Problems to be solved
The challenges of measuring solar ultraviolet (UV) radiation have received considerable attention since recognition of stratospheric ozone depletion, with a resulting increase in availability and quality of UV data. Spectral measurements allow the data to be applied to any biological or chemical photoreaction with a known action spectrum. However, the standard UV measurement is of irradiance incident on a flat horizontal surface. This single geometry is not applicable to all the targets that may be affected by the radiation. One important example is the atmospheric chemistry of the boundary layer, which is strongly dependent on the UV radiation but where the spherical target molecules are subject to radiation from all directions. The appropriate measure of UV in this case is actinic flux, but such measurements are not made on a routine basis. We address the problem of how to expand the use of existing spectral UV irradiance data by deriving from it the associated actinic flux.
Scientific objectives and approach
The objective of the project is to develop tools to convert existing and future spectral UV irradiance data into spectral actinic fluxes. The problem is approached through a combination of measurement and modelling techniques. Horizontal irradiance and actinic flux measurements are made at the same site and supported by comprehensive ancillary measurements of ozone and aerosol in the atmosphere. The resulting data sets are used to develop and test conversion algorithms, both empirical and based on a high performance radiative transfer model. A series of algorithms are being developed, depending on the supporting data available with the horizontal irradiance measurements. The horizontal and actinic fluxes are also monitored at a number of contrasting sites to provide data under a greater range of atmospheric conditions and with more realistic (i.e. less specialized) operational supporting data. These longer-term data sets allow more extensive testing of the algorithms. The uncertainty in actinic fluxes calculated with each algorithm (level of supporting data) is also being assessed. Finally, the appropriate algorithms are applied to a selection of irradiance data in the European UV database, then the resulting actinic fluxes, and the algorithms, are made available through the database.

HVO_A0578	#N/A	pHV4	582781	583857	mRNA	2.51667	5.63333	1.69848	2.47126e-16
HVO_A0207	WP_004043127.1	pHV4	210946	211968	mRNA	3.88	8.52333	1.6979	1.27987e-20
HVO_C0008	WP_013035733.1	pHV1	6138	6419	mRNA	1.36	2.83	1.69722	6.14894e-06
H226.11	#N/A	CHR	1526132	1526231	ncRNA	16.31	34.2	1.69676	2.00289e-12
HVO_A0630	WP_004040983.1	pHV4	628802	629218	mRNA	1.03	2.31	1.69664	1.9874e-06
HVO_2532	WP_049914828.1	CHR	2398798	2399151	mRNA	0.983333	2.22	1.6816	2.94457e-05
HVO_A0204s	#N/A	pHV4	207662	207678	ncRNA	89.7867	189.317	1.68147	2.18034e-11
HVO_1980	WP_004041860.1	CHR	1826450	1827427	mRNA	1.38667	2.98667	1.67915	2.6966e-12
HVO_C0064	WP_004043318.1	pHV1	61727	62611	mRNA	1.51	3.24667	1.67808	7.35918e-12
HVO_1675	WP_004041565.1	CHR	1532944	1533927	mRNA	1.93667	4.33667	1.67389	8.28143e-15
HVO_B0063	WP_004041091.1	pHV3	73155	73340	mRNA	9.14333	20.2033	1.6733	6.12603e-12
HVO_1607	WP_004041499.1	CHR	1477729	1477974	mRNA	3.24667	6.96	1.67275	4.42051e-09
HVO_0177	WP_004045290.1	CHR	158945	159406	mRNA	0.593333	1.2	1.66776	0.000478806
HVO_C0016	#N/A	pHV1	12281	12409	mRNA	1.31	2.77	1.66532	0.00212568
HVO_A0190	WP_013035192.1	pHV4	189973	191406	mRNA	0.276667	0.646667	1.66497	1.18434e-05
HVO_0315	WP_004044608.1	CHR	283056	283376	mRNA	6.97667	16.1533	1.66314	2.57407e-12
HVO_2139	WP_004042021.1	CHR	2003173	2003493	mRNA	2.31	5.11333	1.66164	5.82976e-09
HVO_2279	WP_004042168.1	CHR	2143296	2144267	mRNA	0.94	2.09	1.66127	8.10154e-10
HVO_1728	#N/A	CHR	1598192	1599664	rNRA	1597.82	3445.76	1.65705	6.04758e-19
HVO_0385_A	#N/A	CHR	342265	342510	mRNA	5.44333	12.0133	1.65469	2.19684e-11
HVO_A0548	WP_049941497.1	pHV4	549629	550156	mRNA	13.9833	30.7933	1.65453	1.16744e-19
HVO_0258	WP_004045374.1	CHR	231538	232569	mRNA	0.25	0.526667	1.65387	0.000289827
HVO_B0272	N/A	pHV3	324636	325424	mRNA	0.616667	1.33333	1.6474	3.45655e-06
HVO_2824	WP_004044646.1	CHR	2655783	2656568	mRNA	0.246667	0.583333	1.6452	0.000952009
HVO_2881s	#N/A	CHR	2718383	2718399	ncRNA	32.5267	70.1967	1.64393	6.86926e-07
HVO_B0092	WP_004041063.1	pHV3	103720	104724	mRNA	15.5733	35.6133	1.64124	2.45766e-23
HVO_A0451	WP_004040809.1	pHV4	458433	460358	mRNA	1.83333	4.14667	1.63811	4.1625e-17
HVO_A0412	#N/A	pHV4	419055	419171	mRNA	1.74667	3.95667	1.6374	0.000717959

The programme enables historical estimates of spectral actinic flux (within given uncertainty bounds) to be made from existing databases of global irradiance measurements, and allows conversion of all future irradiance measurements to actinic fluxes. This greatly expands the potential use of spectral irradiance measurements by making the data applicable to a much wider user community, especially those concerned with photochemistry of the atmosphere. Solar UV in the lower atmosphere is closely associated with stratospheric ozone, while air pollution and atmospheric composition are strongly influenced by that UV. Thus the project helps address the integration of two global change issues covered by the Montreal and Kyoto Protocols.
Funding SchemeCSC - Cost-sharing contracts